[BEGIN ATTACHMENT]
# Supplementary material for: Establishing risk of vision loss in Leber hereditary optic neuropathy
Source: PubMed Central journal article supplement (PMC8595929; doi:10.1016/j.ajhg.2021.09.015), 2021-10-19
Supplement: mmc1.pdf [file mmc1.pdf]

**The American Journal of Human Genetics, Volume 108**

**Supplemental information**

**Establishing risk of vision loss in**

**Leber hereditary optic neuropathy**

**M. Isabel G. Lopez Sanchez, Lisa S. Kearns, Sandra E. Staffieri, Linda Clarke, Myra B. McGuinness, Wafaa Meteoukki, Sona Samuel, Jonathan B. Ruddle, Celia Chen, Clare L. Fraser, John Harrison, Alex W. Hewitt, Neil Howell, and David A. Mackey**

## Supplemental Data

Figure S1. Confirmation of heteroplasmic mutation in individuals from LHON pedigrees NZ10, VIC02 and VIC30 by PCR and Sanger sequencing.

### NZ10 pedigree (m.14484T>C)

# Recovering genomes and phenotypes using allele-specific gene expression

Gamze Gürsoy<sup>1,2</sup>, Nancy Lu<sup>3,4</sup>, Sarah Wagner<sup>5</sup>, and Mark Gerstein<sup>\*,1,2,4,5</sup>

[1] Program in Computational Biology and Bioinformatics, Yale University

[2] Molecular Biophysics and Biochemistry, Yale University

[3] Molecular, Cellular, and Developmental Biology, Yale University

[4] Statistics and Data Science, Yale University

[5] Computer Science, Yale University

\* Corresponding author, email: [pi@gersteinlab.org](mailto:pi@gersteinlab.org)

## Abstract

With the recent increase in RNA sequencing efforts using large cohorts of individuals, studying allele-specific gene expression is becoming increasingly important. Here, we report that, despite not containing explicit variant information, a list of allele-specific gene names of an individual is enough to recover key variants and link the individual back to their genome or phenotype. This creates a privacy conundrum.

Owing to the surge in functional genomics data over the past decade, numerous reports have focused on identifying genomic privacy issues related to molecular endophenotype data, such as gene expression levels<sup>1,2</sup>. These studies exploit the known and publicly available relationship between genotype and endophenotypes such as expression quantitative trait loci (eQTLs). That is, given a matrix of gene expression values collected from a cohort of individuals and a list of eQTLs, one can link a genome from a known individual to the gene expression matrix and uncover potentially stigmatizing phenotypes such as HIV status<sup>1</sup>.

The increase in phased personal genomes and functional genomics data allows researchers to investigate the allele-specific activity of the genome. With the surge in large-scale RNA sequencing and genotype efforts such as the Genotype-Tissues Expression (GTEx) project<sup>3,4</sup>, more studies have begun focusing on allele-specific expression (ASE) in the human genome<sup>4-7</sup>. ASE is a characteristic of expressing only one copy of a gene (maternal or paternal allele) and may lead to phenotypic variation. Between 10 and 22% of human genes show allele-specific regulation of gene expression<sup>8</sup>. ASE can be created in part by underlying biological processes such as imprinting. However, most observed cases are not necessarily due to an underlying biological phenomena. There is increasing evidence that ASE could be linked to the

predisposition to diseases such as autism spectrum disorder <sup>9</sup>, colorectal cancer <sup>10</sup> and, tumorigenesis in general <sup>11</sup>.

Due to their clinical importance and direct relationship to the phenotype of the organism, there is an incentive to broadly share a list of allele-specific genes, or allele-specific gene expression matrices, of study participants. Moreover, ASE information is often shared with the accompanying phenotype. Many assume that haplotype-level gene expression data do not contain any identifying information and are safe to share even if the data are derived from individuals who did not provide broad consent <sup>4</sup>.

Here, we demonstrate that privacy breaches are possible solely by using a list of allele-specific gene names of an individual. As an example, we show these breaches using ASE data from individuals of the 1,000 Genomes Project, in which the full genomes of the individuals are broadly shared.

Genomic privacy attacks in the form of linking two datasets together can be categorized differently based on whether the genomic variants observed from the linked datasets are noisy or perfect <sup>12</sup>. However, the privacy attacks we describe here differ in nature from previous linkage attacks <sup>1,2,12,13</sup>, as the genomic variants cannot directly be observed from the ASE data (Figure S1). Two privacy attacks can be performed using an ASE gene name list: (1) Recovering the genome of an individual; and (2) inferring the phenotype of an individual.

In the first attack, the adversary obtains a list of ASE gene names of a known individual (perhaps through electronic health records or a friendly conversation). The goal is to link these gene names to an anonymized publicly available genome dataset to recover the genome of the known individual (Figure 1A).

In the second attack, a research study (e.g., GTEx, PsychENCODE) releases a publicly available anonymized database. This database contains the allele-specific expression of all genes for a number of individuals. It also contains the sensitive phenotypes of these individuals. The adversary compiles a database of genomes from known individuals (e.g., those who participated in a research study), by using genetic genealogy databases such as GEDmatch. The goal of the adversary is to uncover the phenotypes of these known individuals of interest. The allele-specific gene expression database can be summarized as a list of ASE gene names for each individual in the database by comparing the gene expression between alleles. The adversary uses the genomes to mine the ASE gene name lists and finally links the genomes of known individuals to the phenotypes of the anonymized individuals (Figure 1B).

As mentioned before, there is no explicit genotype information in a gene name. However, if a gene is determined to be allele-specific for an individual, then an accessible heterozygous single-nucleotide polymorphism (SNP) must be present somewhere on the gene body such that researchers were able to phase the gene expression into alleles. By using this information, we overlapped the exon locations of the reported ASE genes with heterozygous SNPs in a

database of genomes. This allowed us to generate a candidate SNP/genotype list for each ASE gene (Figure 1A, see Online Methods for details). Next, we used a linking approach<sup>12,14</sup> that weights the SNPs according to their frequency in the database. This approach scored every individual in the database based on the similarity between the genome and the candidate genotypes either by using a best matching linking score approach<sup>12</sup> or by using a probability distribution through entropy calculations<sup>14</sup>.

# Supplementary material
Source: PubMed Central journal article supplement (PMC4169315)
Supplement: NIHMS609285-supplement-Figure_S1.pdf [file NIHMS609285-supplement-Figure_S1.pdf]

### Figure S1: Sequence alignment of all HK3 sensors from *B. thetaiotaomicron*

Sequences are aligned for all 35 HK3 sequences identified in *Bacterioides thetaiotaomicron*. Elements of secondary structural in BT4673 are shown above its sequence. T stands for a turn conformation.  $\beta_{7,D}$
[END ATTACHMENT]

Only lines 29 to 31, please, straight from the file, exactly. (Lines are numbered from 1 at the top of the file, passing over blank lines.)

In the second attack, a research study (e.g., GTEx, PsychENCODE) releases a publicly available anonymized database. This database contains the allele-specific expression of all genes for a number of individuals. It also contains the sensitive phenotypes of these individuals. The adversary compiles a database of genomes from known individuals (e.g., those who participated in a research study), by using genetic genealogy databases such as GEDmatch. The goal of the adversary is to uncover the phenotypes of these known individuals of interest. The allele-specific gene expression database can be summarized as a list of ASE gene names for each individual in the database by comparing the gene expression between alleles. The adversary uses the genomes to mine the ASE gene name lists and finally links the genomes of known individuals to the phenotypes of the anonymized individuals (Figure 1B).

As mentioned before, there is no explicit genotype information in a gene name. However, if a gene is determined to be allele-specific for an individual, then an accessible heterozygous single-nucleotide polymorphism (SNP) must be present somewhere on the gene body such that researchers were able to phase the gene expression into alleles. By using this information, we overlapped the exon locations of the reported ASE genes with heterozygous SNPs in a

database of genomes. This allowed us to generate a candidate SNP/genotype list for each ASE gene (Figure 1A, see Online Methods for details). Next, we used a linking approach<sup>12,14</sup> that weights the SNPs according to their frequency in the database. This approach scored every individual in the database based on the similarity between the genome and the candidate genotypes either by using a best matching linking score approach<sup>12</sup> or by using a probability distribution through entropy calculations<sup>14</sup>.